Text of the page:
Seams main

Midweek Masterclass: Seaming for a perfect finish, part one

Many of us dread sewing up our knits, but achieving neat results is easier than you think, as Jen Arnall-Culliford shows in this week's Midweek Masterclass.

21st September 2016

I have a confession to make. I’m not a big fan of seaming, although I’m perfectly proficient at it. I prefer to knit designs that minimise the need for sewing, and if you browse my recent projects on, you’ll see that I gravitate to seamless designs. However, there are many, many designs where seams are an important feature. They add structure to a piece, and can help to give a tailored finish to a garment. With a seamed garment you can tweak your fit if you discover your sweater is a little too generous. In the same situation with a seamless design, you would be faced with reknitting the whole thing. There is a strong case for overcoming my feelings and finding peace with seams!

The finishing stages of a knitting project are make or break time, and in my experience it is all about your state of mind. If you rush through the sewing up, the chances are that you won’t do the best possible job, and your sweater will be the worse for it. When I cast off, in my head the project is finished, so time spent on seaming and final finishing is an obstacle in the way of my enjoyment. Instead, I ought to embrace the finishing, and take equal pride in it. The secret for me is to complete as much finishing as possible before the final casting-off. So, ends are woven in as I go, and shoulder seams are joined while I knit the final stages of the second sleeve. If there are bands to be picked up along the fronts of your cardigan, consider doing it before you start knitting the final sleeve pieces. Anything I can do to spread out the work, and get me closer to my dream of casting off and instantly wearing, is a big bonus.

Seaming for a perfect finish

So now that you’re in the right frame of mind, and you’ve spread out the jobs, how do you get the best possible finish? I shall break down the techniques you may require, and work through each section of a project.

Preparing for success

Block all of your pieces before you start to sew them together. This enables you to check that all pieces are the correct size (block them to the measurements given in the sizing information for your pattern), and to do a bit of gentle stretching if required. Blocking also has the added bonus of helping to flatten the edges of your knitting, which will help considerably when you come to join them. 

I usually block knitwear by soaking it in tepid water for 20-30 minutes to allow all the fibres to fully relax. Excess water is then gently removed by a combination of squeezing (not wringing), and pressing between towels. Next, the pieces are laid flat on a large, dry towel and shaped as required. Some stitch patterns require more stretching than others. The flatter you can get the sides of pieces to lie, the easier the sewing will be later. Allow the knitting to dry completely.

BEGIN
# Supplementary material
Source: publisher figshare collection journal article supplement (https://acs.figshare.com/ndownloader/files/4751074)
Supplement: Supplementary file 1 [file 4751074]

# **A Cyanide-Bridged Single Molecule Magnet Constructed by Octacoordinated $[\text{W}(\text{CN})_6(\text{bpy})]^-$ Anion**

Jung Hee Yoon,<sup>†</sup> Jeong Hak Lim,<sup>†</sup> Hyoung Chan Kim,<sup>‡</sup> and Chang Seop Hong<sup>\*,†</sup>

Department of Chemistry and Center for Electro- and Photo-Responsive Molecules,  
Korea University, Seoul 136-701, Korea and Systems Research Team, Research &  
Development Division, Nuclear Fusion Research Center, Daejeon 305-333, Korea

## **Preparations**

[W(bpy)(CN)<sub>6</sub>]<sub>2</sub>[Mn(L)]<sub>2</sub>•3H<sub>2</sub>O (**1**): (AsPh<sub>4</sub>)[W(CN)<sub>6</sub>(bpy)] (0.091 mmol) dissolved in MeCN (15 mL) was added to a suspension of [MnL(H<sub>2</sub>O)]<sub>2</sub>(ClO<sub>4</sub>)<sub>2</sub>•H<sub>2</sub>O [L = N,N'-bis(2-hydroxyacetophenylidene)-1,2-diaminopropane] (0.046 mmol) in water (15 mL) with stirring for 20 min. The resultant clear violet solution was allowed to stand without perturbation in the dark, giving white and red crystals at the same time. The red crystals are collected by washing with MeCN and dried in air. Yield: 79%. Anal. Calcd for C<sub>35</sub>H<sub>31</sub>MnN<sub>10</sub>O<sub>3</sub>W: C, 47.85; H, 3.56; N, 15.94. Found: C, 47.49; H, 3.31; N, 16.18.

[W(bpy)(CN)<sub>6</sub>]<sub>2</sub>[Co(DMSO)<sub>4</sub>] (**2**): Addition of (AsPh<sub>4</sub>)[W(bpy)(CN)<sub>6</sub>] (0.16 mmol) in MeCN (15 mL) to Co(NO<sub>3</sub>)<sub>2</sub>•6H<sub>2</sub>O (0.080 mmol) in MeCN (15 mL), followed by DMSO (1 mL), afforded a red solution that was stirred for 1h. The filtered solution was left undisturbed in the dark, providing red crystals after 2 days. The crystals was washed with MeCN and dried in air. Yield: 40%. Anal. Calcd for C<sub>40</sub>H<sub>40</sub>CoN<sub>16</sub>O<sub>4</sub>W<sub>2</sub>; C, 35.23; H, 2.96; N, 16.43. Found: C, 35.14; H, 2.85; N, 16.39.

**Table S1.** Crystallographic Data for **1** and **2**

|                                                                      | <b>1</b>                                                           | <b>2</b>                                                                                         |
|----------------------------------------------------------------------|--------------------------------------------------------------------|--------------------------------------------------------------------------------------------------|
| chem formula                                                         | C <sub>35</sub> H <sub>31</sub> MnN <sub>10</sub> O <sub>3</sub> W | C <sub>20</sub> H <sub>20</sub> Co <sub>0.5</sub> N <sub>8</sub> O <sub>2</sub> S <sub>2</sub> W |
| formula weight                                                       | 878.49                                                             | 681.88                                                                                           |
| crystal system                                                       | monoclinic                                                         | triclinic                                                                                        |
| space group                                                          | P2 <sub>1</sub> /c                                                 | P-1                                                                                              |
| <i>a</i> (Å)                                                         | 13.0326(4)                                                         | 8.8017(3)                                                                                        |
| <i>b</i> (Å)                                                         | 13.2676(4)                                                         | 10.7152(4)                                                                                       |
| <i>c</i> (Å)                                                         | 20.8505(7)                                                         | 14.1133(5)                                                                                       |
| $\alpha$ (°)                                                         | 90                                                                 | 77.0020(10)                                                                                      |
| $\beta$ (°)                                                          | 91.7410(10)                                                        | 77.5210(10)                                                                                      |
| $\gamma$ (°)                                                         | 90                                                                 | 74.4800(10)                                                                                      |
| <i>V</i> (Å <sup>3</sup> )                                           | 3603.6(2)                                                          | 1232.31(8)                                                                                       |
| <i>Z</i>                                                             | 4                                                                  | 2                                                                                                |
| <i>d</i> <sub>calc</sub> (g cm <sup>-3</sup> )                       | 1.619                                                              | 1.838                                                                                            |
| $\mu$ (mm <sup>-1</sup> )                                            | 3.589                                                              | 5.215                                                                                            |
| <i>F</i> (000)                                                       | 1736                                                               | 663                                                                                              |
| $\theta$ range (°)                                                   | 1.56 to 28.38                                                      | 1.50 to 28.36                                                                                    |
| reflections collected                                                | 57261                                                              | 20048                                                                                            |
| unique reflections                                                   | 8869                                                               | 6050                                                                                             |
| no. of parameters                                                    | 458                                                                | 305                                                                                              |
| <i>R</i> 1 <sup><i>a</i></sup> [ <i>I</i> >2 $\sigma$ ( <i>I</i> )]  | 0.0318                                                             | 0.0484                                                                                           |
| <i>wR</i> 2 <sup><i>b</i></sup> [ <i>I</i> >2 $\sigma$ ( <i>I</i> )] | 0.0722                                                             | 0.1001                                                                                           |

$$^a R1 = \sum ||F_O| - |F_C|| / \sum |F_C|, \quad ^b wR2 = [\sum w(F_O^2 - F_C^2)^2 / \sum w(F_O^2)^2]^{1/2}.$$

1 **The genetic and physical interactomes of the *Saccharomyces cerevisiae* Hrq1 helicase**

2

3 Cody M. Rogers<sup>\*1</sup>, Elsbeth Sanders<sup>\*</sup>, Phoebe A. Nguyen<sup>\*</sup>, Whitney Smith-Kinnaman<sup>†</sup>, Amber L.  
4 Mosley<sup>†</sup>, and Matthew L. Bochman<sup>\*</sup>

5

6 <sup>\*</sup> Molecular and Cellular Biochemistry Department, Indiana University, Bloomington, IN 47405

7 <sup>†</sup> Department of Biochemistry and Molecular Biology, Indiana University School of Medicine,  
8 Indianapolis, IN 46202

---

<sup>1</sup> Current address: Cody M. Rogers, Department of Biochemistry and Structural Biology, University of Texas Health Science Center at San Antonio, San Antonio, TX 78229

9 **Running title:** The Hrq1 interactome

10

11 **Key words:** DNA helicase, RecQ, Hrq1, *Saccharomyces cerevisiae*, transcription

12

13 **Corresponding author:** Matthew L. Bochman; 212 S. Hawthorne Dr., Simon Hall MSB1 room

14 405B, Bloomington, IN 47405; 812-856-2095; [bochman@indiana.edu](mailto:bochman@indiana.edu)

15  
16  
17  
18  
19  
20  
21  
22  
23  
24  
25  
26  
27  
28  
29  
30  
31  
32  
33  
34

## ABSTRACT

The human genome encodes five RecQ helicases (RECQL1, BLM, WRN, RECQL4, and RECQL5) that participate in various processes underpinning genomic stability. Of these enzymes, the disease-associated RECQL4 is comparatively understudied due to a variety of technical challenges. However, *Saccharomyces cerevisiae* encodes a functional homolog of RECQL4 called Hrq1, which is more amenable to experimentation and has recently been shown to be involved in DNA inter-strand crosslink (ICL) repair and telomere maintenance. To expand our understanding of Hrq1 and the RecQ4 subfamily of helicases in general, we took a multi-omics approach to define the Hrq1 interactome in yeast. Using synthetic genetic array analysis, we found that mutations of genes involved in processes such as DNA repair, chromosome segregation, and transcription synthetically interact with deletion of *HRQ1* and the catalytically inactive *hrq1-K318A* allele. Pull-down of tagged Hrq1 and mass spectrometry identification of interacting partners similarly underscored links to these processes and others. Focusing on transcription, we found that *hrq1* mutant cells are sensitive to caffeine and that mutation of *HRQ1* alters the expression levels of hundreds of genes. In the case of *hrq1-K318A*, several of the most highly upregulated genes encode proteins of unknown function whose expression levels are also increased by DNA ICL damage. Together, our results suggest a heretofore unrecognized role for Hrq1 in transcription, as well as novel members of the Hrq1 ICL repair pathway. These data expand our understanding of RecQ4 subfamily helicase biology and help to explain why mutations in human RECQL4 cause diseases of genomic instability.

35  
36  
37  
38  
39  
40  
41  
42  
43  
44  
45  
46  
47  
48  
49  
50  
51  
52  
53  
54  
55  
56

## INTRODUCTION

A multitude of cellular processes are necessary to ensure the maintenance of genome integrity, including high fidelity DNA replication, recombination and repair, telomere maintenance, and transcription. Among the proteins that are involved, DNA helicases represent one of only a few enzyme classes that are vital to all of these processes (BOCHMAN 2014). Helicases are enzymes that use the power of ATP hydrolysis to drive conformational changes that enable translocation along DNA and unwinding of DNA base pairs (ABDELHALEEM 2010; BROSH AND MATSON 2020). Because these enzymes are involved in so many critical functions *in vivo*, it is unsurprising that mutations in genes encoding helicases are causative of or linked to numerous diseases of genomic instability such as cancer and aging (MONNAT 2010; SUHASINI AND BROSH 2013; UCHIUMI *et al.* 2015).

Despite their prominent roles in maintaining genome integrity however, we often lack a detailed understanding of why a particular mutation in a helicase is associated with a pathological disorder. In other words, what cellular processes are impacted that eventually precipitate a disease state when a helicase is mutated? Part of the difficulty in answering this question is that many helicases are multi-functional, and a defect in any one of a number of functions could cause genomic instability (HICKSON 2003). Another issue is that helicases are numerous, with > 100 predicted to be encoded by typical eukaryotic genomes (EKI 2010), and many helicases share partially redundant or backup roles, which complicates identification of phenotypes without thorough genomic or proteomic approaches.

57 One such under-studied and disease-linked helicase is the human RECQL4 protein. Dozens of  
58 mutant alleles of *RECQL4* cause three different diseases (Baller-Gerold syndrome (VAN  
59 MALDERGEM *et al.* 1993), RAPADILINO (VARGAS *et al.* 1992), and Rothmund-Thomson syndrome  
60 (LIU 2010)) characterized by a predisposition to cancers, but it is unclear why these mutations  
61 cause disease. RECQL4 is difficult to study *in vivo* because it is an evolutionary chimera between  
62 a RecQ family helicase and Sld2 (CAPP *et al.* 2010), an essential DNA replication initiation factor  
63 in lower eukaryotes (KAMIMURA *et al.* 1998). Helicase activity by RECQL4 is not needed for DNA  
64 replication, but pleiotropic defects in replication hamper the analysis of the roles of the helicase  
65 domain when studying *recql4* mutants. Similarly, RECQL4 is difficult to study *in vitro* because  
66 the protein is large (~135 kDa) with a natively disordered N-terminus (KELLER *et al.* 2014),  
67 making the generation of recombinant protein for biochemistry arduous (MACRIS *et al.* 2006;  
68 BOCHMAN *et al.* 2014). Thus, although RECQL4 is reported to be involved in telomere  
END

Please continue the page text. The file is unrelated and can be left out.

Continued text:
Choose a suitable yarn for seaming. This will usually be the same yarn as your garment. However, if your yarn was made from a single ply, or a novelty yarn, or from something particularly fragile or bulky, it may not be ideal for sewing seams. In this case, it would be preferable to choose a smooth DK or 4ply yarn in a similar shade.

When sewing seams, try to avoid splitting the knitted stitches. Always pass the needle through between strands of yarn. It helps to use a blunt tapestry needle, since sharper points are more likely to skim through adjacent threads. This is particularly important if you need to unpick your seam for any reason.

Joining shoulder seams

A standard set-in sleeved garment will generally have each shoulder cast off in two or more steps. This gives some slope to the shoulder, but can prove tricky to sew together if you’re not careful. Place the two shoulder pieces with right sides together, and pin or clip them in place, being sure to line up any stitch patterning from one side to the other. Work a straight back stitch line from the top of the shoulder, down to the armhole edge, so that the finished seam makes a sloped shoulder (Fig. A).

Fig A.

Back stitch is especially good for shoulder seams since it is sturdy and will hold the weight of the garment well.

Back stitch

1 Thread a tapestry needle with a length of yarn for seaming (the yarn used here is a contrasting shade to make the stitching more visible). Secure the end of your yarn in your fabric by weaving it in.


2 Pass the needle through both layers of fabric from front to back along your intended seam line, twice as far as your desired stitch length. So if you are aiming for stitches 0.5cm long, your first stitch should be 1cm from the start. 


3 Pass the needle from back to front, through the fabric halfway between the start and your previous stitch (0.5cm backwards).


4 Pass the needle from front to back, working along your seam line, again twice as long as your intended stitch (1cm forwards in this example).


5 Pass the needle from back to front, so that it meets the end of the previous stitch (0.5cm backwards).


6 Repeat steps 4 and 5 until you reach the end of the shoulder seam. Weave in your yarn end and trim.


Join us again next week for part two of this masterclass, where we'll cover setting in sleeves, and mattress stitch.

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